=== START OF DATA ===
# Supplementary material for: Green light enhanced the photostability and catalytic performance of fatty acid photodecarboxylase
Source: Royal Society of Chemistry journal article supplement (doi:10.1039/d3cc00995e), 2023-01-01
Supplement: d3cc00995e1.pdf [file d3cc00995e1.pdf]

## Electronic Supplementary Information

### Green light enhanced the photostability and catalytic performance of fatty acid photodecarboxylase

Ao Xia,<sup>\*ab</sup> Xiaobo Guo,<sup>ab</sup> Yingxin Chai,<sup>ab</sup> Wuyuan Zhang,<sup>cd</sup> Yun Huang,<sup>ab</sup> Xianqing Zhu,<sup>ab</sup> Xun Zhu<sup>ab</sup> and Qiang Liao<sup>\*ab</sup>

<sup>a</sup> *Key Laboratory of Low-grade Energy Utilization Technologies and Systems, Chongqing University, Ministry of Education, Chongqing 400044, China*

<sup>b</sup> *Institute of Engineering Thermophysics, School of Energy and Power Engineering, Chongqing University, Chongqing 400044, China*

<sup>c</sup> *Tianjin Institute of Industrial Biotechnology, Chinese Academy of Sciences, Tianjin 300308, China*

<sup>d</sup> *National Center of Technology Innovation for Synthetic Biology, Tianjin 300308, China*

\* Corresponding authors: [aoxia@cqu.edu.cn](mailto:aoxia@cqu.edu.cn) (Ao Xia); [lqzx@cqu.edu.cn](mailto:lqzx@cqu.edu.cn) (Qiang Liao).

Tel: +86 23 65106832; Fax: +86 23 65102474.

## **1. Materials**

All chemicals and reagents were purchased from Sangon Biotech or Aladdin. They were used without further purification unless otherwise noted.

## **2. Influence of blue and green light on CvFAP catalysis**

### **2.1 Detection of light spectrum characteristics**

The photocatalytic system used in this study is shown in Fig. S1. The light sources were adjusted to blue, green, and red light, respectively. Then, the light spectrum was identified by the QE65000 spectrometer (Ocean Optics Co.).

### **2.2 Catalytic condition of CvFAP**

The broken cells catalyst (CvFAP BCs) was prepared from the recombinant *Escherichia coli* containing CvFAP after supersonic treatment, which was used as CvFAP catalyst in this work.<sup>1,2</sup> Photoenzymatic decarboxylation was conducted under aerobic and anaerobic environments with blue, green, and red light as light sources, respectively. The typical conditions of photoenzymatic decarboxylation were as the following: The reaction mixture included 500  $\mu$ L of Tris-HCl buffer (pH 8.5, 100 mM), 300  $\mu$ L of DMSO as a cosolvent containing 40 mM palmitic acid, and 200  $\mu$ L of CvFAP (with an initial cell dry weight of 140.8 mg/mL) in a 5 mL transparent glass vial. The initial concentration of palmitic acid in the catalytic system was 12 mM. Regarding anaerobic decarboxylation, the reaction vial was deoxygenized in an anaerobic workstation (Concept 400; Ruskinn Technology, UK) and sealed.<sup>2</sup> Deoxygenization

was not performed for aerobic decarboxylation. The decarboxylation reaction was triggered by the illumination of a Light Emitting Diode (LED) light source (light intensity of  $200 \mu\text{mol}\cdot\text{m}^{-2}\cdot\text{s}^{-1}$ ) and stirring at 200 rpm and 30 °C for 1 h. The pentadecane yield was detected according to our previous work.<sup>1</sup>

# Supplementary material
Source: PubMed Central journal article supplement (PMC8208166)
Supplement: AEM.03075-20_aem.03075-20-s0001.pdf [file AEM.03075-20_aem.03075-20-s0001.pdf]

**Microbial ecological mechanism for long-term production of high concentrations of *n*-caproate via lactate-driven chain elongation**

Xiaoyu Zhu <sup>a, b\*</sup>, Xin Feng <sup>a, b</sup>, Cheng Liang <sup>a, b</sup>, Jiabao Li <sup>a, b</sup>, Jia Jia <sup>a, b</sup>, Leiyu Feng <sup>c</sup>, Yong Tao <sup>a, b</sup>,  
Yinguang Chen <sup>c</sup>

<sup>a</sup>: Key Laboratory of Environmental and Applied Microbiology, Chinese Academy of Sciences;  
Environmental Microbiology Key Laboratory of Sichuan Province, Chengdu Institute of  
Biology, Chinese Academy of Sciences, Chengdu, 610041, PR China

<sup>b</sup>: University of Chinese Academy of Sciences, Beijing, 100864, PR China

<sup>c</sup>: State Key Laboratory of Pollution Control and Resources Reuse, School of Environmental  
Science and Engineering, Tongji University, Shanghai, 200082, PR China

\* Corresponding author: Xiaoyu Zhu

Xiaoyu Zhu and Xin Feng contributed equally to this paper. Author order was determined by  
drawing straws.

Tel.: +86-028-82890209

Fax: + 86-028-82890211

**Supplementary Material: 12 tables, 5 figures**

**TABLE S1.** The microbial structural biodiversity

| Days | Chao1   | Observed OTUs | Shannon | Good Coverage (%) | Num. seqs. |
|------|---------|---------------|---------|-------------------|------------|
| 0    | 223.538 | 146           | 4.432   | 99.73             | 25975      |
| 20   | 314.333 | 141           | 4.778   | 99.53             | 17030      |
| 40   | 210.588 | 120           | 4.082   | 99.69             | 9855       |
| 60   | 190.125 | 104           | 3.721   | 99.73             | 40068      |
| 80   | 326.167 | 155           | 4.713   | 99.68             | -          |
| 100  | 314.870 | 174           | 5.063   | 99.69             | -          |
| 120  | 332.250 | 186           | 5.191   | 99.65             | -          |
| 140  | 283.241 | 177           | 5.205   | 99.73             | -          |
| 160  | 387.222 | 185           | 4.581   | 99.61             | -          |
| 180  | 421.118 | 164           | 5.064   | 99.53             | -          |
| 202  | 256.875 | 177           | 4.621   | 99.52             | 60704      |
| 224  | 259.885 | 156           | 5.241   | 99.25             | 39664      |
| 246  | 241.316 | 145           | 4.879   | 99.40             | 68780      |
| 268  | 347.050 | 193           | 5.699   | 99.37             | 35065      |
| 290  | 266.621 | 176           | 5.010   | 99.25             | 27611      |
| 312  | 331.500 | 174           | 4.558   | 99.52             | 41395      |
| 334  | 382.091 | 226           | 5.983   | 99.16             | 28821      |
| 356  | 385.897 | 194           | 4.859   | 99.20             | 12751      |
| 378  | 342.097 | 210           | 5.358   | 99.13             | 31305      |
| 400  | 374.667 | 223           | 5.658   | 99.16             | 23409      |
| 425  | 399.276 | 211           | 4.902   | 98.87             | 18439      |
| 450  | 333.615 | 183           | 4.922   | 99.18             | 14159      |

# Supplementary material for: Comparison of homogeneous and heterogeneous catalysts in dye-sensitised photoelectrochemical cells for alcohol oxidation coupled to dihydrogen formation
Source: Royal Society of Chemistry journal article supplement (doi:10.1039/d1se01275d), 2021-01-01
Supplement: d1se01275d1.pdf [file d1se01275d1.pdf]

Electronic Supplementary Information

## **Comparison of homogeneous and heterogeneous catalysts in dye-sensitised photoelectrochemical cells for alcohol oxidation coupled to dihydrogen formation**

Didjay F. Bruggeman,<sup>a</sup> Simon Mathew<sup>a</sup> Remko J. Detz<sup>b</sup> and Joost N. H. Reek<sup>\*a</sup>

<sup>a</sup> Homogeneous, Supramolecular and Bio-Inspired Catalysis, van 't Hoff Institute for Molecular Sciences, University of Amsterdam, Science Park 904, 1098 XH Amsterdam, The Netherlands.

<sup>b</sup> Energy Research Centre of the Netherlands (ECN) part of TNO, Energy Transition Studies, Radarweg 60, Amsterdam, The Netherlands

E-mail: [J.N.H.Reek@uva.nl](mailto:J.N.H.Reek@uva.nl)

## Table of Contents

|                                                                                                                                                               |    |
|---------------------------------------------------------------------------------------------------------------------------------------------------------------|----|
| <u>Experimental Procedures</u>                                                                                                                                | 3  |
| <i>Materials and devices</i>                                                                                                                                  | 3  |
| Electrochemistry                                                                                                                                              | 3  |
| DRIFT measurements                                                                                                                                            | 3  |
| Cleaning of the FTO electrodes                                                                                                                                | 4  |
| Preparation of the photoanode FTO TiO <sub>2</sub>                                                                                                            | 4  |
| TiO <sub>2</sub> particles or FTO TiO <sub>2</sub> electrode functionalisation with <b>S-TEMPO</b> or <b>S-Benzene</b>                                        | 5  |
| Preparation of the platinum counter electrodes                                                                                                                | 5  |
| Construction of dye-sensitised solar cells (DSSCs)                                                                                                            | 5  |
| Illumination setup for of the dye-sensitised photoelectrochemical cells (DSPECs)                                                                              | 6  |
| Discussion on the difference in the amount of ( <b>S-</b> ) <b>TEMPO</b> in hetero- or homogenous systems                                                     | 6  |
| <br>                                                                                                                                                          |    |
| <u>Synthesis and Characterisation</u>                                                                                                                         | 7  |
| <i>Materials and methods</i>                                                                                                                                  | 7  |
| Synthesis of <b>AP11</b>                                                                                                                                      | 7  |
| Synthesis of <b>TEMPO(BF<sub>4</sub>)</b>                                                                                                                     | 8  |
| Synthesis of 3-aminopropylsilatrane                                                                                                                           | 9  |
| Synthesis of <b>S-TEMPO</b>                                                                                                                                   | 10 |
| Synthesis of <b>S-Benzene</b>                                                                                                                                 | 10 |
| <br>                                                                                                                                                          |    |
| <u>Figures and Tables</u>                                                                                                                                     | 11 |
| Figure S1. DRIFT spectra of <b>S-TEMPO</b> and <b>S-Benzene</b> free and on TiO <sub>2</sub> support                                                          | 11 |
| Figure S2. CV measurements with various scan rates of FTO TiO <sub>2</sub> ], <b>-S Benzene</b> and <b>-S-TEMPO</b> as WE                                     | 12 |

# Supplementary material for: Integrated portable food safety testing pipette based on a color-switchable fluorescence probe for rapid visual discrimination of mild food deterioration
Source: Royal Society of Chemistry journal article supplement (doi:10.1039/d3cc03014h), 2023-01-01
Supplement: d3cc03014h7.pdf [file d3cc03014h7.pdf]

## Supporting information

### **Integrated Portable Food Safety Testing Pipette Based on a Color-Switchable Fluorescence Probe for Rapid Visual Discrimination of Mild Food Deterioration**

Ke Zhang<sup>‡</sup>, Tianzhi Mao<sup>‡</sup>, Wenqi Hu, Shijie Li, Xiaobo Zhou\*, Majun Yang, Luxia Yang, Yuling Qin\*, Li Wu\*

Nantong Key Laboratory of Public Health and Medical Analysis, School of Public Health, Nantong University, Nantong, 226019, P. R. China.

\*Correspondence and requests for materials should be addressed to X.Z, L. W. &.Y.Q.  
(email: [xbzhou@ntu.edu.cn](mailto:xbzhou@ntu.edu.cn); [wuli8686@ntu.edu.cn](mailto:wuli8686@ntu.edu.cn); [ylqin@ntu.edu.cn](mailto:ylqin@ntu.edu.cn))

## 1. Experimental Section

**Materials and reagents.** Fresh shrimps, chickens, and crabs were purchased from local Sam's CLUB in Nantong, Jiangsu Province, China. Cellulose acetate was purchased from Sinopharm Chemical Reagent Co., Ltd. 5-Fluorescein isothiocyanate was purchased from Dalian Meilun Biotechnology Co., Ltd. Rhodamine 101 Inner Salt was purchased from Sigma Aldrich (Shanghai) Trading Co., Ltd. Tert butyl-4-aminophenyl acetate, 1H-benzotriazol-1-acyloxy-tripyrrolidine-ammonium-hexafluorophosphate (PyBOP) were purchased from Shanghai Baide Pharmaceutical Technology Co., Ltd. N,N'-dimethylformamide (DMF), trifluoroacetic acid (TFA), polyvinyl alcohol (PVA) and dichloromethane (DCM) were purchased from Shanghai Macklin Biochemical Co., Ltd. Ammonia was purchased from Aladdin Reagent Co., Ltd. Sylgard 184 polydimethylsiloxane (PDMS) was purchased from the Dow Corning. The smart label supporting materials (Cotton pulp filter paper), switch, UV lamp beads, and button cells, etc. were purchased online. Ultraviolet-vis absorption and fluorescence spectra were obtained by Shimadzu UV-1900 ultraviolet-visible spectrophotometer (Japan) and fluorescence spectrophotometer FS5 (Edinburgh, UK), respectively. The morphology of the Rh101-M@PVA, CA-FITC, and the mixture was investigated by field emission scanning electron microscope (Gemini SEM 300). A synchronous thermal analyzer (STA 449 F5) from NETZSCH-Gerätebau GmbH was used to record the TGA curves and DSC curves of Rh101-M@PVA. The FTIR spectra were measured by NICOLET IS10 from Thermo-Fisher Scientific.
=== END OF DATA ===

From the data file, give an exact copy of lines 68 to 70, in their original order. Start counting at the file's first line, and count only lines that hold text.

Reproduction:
## **Comparison of homogeneous and heterogeneous catalysts in dye-sensitised photoelectrochemical cells for alcohol oxidation coupled to dihydrogen formation**

Didjay F. Bruggeman,<sup>a</sup> Simon Mathew<sup>a</sup> Remko J. Detz<sup>b</sup> and Joost N. H. Reek<sup>\*a</sup>

<sup>a</sup> Homogeneous, Supramolecular and Bio-Inspired Catalysis, van 't Hoff Institute for Molecular Sciences, University of Amsterdam, Science Park 904, 1098 XH Amsterdam, The Netherlands.